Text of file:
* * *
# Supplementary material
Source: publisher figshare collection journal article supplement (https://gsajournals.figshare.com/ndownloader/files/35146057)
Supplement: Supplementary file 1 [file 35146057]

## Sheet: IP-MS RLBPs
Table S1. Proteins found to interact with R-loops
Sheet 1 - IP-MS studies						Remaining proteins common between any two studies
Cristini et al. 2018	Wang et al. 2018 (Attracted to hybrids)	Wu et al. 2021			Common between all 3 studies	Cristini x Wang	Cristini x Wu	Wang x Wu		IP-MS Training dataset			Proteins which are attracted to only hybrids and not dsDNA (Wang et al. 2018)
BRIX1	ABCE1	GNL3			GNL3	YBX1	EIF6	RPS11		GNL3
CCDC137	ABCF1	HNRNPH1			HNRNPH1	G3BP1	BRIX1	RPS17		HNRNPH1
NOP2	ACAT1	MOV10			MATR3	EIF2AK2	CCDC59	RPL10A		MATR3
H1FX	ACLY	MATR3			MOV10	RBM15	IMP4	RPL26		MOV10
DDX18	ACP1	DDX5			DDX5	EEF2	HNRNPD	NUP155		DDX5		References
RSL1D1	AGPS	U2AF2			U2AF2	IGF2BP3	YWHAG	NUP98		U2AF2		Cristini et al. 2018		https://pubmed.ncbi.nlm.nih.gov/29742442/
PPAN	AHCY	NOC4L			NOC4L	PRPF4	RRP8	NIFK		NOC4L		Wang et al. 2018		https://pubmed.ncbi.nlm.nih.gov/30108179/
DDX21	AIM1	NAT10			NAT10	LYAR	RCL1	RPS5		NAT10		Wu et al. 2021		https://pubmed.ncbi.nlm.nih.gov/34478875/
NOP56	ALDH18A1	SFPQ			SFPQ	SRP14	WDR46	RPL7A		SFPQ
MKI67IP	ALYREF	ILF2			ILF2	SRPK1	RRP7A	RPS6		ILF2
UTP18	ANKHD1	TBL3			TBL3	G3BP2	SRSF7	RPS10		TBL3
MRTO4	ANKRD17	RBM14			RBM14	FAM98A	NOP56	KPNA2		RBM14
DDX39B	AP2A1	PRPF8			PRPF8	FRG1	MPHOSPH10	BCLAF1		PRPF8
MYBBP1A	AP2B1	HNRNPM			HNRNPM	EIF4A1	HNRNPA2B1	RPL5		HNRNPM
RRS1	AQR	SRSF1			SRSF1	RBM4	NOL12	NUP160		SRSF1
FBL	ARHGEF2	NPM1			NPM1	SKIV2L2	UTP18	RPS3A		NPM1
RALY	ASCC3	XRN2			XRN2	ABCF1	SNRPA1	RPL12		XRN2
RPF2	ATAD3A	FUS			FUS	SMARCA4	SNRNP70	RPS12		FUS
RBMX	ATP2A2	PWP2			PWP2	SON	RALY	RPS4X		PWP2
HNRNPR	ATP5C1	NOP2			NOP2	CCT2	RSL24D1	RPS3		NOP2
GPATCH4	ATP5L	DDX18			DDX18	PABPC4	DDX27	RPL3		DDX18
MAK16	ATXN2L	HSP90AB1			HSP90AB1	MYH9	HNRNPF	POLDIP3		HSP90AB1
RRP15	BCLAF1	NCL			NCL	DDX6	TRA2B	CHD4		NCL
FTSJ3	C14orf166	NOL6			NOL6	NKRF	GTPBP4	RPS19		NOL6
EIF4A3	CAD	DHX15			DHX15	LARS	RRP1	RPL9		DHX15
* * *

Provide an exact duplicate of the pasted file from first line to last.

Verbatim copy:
# Supplementary material
Source: publisher figshare collection journal article supplement (https://gsajournals.figshare.com/ndownloader/files/35146057)
Supplement: Supplementary file 1 [file 35146057]

## Sheet: IP-MS RLBPs
Table S1. Proteins found to interact with R-loops
Sheet 1 - IP-MS studies						Remaining proteins common between any two studies
Cristini et al. 2018	Wang et al. 2018 (Attracted to hybrids)	Wu et al. 2021			Common between all 3 studies	Cristini x Wang	Cristini x Wu	Wang x Wu		IP-MS Training dataset			Proteins which are attracted to only hybrids and not dsDNA (Wang et al. 2018)
BRIX1	ABCE1	GNL3			GNL3	YBX1	EIF6	RPS11		GNL3
CCDC137	ABCF1	HNRNPH1			HNRNPH1	G3BP1	BRIX1	RPS17		HNRNPH1
NOP2	ACAT1	MOV10			MATR3	EIF2AK2	CCDC59	RPL10A		MATR3
H1FX	ACLY	MATR3			MOV10	RBM15	IMP4	RPL26		MOV10
DDX18	ACP1	DDX5			DDX5	EEF2	HNRNPD	NUP155		DDX5		References
RSL1D1	AGPS	U2AF2			U2AF2	IGF2BP3	YWHAG	NUP98		U2AF2		Cristini et al. 2018		https://pubmed.ncbi.nlm.nih.gov/29742442/
PPAN	AHCY	NOC4L			NOC4L	PRPF4	RRP8	NIFK		NOC4L		Wang et al. 2018		https://pubmed.ncbi.nlm.nih.gov/30108179/
DDX21	AIM1	NAT10			NAT10	LYAR	RCL1	RPS5		NAT10		Wu et al. 2021		https://pubmed.ncbi.nlm.nih.gov/34478875/
NOP56	ALDH18A1	SFPQ			SFPQ	SRP14	WDR46	RPL7A		SFPQ
MKI67IP	ALYREF	ILF2			ILF2	SRPK1	RRP7A	RPS6		ILF2
UTP18	ANKHD1	TBL3			TBL3	G3BP2	SRSF7	RPS10		TBL3
MRTO4	ANKRD17	RBM14			RBM14	FAM98A	NOP56	KPNA2		RBM14
DDX39B	AP2A1	PRPF8			PRPF8	FRG1	MPHOSPH10	BCLAF1		PRPF8
MYBBP1A	AP2B1	HNRNPM			HNRNPM	EIF4A1	HNRNPA2B1	RPL5		HNRNPM
RRS1	AQR	SRSF1			SRSF1	RBM4	NOL12	NUP160		SRSF1
FBL	ARHGEF2	NPM1			NPM1	SKIV2L2	UTP18	RPS3A		NPM1
RALY	ASCC3	XRN2			XRN2	ABCF1	SNRPA1	RPL12		XRN2
RPF2	ATAD3A	FUS			FUS	SMARCA4	SNRNP70	RPS12		FUS
RBMX	ATP2A2	PWP2			PWP2	SON	RALY	RPS4X		PWP2
HNRNPR	ATP5C1	NOP2			NOP2	CCT2	RSL24D1	RPS3		NOP2
GPATCH4	ATP5L	DDX18			DDX18	PABPC4	DDX27	RPL3		DDX18
MAK16	ATXN2L	HSP90AB1			HSP90AB1	MYH9	HNRNPF	POLDIP3		HSP90AB1
RRP15	BCLAF1	NCL			NCL	DDX6	TRA2B	CHD4		NCL
FTSJ3	C14orf166	NOL6			NOL6	NKRF	GTPBP4	RPS19		NOL6
EIF4A3	CAD	DHX15			DHX15	LARS	RRP1	RPL9		DHX15